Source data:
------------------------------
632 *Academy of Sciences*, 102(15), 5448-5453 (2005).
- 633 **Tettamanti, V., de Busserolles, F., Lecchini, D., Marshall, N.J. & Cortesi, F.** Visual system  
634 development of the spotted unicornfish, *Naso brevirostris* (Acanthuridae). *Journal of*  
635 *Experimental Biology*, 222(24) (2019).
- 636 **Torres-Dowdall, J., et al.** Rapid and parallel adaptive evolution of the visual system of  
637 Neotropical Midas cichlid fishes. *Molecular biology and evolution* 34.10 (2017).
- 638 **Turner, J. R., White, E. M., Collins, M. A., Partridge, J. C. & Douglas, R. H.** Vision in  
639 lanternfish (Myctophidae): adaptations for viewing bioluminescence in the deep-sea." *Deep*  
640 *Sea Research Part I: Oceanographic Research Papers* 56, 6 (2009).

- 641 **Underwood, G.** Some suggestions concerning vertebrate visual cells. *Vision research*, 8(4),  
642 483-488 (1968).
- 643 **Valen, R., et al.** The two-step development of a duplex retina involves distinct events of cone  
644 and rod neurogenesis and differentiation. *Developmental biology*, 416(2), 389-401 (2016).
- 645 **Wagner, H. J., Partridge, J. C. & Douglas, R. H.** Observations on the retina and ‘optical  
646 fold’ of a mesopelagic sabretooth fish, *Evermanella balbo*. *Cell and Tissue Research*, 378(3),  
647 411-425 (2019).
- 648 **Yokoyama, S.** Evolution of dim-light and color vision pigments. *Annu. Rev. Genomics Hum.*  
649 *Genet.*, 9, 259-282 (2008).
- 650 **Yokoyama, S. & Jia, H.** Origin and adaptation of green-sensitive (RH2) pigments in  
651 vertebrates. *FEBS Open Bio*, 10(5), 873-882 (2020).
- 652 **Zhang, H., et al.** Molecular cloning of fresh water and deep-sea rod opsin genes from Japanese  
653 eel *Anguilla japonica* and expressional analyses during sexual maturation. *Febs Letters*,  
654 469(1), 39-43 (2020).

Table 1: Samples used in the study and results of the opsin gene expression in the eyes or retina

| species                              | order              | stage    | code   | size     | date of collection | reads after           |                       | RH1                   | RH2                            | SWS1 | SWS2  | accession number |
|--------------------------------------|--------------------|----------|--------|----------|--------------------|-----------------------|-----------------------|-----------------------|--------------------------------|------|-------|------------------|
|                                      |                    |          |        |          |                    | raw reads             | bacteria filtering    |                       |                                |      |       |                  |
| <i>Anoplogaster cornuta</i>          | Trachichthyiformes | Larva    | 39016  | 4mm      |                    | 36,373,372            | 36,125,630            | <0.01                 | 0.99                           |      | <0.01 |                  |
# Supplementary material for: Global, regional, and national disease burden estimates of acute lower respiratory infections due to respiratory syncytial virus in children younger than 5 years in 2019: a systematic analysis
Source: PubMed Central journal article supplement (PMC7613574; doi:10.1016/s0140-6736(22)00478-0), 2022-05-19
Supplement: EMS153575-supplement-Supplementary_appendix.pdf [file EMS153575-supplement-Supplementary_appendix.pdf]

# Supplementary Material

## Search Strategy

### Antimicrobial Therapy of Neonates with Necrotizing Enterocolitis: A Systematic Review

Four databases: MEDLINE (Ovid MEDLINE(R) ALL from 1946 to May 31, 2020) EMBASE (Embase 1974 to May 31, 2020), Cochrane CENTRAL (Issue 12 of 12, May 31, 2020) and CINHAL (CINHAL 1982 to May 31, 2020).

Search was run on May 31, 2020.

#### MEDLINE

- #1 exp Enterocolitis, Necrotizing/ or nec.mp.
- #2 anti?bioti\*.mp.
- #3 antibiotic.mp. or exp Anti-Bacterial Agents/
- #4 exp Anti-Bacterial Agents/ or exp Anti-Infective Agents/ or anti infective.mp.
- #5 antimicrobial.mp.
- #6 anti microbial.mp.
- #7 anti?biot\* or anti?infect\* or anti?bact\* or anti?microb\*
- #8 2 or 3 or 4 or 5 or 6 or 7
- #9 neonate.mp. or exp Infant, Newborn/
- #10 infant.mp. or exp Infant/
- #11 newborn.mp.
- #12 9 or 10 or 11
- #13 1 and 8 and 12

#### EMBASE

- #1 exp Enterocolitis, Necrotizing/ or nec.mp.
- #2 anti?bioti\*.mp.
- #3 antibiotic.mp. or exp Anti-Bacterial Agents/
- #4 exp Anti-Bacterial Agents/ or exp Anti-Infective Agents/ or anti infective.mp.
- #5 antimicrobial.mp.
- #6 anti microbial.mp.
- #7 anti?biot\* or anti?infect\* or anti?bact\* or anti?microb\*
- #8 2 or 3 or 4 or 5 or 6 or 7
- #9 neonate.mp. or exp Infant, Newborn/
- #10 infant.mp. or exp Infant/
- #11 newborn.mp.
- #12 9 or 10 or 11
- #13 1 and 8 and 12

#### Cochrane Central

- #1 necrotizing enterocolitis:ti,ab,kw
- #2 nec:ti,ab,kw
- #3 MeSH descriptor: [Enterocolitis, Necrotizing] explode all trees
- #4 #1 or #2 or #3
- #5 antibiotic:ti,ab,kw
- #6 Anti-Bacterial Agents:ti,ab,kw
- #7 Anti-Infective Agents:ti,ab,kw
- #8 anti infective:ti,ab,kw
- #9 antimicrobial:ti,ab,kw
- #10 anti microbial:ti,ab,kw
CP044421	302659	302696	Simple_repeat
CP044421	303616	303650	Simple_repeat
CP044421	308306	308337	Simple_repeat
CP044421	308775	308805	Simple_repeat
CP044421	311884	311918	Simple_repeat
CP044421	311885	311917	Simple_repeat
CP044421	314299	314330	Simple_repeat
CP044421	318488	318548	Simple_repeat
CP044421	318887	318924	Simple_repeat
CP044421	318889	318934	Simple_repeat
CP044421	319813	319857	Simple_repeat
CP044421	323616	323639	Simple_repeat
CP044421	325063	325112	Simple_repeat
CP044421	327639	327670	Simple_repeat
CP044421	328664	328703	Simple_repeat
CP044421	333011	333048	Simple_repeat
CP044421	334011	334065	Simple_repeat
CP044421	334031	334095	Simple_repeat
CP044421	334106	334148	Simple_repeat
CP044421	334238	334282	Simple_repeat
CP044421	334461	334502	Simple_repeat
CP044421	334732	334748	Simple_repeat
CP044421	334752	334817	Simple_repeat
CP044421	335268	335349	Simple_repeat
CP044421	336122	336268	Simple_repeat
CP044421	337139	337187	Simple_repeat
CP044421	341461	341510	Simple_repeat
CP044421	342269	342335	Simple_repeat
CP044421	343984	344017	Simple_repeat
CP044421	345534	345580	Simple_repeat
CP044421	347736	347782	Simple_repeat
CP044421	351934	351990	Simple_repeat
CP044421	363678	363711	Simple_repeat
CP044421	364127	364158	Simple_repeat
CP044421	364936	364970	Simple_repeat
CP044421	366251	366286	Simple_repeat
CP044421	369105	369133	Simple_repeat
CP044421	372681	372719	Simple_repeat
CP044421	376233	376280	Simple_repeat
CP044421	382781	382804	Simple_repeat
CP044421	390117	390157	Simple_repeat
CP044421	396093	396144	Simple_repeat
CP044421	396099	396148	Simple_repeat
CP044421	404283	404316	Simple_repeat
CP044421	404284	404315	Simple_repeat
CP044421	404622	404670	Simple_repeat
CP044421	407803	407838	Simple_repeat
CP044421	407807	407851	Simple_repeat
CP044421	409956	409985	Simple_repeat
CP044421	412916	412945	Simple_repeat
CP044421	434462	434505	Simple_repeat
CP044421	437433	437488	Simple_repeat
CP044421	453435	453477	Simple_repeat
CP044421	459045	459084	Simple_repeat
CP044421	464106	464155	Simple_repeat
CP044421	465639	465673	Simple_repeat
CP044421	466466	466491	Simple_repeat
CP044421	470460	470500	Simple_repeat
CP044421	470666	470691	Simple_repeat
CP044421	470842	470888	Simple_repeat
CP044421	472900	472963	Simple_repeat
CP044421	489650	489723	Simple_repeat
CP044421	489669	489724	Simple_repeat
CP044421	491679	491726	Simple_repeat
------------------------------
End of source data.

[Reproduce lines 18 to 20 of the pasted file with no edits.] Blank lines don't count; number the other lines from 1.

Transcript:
649 *Genet.*, 9, 259-282 (2008).
- 650 **Yokoyama, S. & Jia, H.** Origin and adaptation of green-sensitive (RH2) pigments in  
651 vertebrates. *FEBS Open Bio*, 10(5), 873-882 (2020).